• A more detailed calculation indicates that with these capital costs, the first year tariff on electricity from these reactors could be as high as Rs.25 per unit. In contrast, recent winning bids for solar power have projected tariffs of about Rs.5 per unit. The government claims that it can reduce construction costs in India by 25-30 per cent, but this is far from sufficient to make the AP1000 reactors cost-competitive
  • The joint statement suggested that these reactors would help India meet its commitments on climate change but this is misleading. Economists use a “price on carbon” to determine whether a given technology provides a cost-effective method of reducing greenhouse gas emissions; a commonly used European figure is about Rs.2 (0.03 euros) per kg of carbon dioxide. Since coal plants, which produce most of India’s electricity, emit about 1 kg of carbon dioxide per unit of electricity, the AP1000 reactors may have been attractive from this point of view if their tariffs had been within Rs.2 of the tariffs from coal-based plants. Since their projected tariffs are much higher than this, India could reduce greenhouse gas emissions more efficiently by investing the same resources in other green technologies
  • Nevertheless, the government has persisted in making concessions to Westinghouse. In February, it ratified the “Convention on Supplementary Compensation” (CSC) for Nuclear Damage that contradicts India’s domestic liability law and protects nuclear suppliers from liability for an accident. Now, in the event of a disaster, Indian courts may find it difficult to exercise jurisdiction over Westinghouse that is not based in India and could point to India’s international commitments under the CSC to block any potential claims against it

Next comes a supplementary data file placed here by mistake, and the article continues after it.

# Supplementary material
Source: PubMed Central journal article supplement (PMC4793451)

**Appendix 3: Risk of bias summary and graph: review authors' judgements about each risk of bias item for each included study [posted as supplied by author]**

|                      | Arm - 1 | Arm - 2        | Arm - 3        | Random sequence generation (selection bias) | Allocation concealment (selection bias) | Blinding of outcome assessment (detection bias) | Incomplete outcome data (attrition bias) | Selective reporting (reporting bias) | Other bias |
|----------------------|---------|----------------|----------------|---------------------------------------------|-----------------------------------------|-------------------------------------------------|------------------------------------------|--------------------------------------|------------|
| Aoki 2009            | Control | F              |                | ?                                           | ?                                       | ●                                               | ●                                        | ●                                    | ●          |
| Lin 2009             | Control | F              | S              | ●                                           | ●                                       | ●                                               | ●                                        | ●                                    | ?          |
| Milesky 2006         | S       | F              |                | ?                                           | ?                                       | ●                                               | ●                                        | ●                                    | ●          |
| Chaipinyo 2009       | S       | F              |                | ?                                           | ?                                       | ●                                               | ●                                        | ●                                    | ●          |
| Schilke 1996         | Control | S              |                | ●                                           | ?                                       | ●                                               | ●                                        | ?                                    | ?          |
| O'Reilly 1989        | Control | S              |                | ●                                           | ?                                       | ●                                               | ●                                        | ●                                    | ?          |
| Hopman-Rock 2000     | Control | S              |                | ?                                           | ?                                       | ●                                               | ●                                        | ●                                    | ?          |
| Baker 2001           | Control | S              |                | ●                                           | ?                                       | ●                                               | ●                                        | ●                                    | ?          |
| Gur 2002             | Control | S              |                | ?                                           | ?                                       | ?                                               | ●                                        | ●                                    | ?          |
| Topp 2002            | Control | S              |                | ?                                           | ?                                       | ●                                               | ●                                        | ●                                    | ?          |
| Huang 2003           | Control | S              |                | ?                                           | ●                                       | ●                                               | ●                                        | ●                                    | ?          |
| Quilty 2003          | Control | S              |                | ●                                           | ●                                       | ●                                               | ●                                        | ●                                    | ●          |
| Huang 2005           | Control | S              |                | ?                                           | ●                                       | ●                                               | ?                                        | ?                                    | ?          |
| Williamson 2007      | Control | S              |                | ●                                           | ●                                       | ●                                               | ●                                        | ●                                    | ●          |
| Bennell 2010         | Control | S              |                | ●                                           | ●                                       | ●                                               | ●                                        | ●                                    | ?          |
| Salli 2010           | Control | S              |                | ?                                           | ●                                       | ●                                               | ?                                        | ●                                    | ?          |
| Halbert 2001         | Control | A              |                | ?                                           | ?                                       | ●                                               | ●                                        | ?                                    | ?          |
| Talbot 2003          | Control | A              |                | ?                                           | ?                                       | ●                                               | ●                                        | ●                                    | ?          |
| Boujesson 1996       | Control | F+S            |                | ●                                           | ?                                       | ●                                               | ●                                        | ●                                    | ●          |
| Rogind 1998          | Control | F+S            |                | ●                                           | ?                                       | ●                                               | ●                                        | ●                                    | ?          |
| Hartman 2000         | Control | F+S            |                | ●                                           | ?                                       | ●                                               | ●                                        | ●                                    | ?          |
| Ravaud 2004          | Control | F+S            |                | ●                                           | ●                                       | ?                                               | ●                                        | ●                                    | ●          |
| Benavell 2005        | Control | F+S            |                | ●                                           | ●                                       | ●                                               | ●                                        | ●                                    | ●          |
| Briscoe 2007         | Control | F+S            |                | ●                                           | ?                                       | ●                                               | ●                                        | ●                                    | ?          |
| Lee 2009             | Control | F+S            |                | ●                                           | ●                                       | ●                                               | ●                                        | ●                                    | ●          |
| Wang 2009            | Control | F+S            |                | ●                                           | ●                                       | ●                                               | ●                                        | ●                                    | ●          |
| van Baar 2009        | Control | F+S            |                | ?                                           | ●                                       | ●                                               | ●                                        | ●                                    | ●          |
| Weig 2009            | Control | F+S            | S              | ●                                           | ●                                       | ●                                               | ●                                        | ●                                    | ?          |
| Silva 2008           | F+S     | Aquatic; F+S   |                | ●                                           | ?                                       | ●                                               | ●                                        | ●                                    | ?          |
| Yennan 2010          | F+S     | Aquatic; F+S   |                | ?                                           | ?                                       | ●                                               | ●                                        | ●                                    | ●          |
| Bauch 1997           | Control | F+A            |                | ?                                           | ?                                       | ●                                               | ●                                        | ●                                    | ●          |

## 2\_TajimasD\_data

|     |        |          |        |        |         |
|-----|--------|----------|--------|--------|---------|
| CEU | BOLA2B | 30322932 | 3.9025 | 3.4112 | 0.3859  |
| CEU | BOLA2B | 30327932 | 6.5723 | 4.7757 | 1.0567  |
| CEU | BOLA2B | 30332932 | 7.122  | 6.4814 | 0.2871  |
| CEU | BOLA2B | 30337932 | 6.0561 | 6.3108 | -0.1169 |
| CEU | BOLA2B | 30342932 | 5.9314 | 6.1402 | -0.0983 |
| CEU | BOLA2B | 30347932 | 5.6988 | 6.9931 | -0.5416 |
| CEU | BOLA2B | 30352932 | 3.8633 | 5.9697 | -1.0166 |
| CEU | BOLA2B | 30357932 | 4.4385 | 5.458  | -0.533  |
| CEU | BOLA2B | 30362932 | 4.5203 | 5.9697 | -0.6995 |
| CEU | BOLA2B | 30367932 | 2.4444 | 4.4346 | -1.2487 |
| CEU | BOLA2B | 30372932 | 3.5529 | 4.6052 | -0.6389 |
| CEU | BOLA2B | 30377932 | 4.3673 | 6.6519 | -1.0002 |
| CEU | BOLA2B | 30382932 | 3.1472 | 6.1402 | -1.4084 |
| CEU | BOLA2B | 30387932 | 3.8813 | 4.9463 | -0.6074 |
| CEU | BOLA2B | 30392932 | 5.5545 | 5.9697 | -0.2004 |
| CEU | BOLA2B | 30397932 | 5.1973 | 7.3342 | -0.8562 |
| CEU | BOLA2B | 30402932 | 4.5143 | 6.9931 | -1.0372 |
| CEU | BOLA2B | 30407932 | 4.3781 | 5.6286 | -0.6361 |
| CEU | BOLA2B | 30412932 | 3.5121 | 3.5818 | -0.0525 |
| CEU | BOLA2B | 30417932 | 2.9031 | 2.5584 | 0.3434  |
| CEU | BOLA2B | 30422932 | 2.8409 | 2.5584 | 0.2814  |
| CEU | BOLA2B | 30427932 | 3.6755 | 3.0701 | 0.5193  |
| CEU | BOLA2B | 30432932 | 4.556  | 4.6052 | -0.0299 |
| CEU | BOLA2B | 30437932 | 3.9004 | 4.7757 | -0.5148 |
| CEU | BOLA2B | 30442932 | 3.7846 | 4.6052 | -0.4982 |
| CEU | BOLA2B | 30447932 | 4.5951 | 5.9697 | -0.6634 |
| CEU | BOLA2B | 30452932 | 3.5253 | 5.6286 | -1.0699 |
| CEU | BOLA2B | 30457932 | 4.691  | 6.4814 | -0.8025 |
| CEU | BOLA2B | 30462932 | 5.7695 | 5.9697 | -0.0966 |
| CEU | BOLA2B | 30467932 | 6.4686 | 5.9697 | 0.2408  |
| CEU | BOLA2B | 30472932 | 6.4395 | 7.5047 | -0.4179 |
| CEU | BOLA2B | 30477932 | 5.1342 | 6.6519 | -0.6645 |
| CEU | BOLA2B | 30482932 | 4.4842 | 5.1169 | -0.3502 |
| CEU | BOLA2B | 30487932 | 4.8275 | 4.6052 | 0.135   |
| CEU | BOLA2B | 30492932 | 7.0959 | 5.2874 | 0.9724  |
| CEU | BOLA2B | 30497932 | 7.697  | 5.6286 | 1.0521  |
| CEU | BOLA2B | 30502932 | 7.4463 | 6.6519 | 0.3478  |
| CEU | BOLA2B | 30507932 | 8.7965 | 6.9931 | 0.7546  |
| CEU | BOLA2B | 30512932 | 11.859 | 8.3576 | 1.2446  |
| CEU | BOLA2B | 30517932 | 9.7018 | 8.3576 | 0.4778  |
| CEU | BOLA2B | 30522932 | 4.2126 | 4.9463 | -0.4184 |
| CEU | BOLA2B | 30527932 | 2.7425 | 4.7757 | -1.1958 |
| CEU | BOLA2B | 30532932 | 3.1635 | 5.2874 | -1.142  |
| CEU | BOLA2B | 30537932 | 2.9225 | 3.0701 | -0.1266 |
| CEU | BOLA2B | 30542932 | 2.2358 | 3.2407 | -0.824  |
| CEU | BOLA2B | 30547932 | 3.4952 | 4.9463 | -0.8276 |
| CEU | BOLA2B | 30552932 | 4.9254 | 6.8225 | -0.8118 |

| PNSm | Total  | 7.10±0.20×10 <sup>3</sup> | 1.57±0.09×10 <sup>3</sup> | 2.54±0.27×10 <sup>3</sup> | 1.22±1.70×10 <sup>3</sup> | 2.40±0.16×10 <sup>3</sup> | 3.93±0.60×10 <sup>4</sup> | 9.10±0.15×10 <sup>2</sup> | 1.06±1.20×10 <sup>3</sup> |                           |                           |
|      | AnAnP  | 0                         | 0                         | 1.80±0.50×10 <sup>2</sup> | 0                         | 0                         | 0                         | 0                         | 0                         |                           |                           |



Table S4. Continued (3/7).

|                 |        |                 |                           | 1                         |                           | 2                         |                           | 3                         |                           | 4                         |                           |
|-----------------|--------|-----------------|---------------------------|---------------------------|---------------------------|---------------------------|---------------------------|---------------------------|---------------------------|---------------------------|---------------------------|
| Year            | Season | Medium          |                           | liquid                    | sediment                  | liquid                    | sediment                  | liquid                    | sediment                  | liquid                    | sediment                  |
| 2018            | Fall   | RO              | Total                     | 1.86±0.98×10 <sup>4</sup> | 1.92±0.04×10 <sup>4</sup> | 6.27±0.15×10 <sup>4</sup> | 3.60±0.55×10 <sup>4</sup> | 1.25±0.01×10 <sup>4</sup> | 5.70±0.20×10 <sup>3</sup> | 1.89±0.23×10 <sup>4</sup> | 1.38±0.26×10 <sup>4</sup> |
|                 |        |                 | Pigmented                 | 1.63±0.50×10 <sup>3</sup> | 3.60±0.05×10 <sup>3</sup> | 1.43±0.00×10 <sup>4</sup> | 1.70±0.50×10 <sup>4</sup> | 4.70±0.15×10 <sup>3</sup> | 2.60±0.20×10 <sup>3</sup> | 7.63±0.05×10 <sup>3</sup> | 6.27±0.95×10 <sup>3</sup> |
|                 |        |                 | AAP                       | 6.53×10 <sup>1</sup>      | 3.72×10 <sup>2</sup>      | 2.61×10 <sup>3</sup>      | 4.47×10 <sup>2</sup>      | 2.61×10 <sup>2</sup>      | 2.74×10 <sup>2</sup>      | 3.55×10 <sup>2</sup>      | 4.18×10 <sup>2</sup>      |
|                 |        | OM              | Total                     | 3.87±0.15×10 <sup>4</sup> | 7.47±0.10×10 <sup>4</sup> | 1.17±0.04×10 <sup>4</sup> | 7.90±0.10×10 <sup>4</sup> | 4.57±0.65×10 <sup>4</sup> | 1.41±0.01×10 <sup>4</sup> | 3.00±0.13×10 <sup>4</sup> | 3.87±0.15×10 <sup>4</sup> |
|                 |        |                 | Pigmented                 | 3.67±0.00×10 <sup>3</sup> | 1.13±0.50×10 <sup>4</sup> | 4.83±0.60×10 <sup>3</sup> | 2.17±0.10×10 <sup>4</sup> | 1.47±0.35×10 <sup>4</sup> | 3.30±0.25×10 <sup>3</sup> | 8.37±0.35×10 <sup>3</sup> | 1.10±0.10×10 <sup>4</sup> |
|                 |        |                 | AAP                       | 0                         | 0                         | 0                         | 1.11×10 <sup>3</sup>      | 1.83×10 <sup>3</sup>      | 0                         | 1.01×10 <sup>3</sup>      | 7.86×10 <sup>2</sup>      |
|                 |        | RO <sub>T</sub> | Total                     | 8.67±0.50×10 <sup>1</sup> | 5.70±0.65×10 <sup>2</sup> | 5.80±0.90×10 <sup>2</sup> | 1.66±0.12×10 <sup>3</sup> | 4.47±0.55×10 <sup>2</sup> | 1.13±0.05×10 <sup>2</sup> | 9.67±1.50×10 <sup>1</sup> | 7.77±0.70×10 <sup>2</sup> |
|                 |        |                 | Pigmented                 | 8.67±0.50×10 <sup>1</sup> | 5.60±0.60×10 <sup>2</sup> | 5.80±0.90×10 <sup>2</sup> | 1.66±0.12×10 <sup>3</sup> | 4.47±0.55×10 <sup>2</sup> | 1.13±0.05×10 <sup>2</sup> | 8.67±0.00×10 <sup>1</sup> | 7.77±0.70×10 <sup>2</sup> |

• For example, Dow Chemicals has rebuffed attempts to make it contribute to a clean-up in Bhopal by arguing that Indian courts have “no jurisdiction over it”. And in a cautionary tale about how flawed international agreements can subvert the domestic legal system, in 2011, an international arbitration tribunal awarded White Industries Australia Ltd. AU$4 million under a bilateral investment treaty even as its dispute with the Indian government was sub judice in India’s Supreme Court
  • In the joint statement, Mr. Obama “re-affirmed that India is ready for membership” of the Nuclear Suppliers Group (NSG). But India’s engagement with the NSG is irrelevant for its energy problems. A 2008 NSG waiver allowed India to purchase uranium for its indigenous civilian reactors but these account for less than 1 per cent of the country’s total electricity generating capacity
  • NSG membership may additionally allow India to acquire enrichment and reprocessing technology. However, since India’s indigenous heavy water reactors do not use enriched uranium and imported light water reactors come with associated fuel contracts, this technology has little significance for India’s electricity sector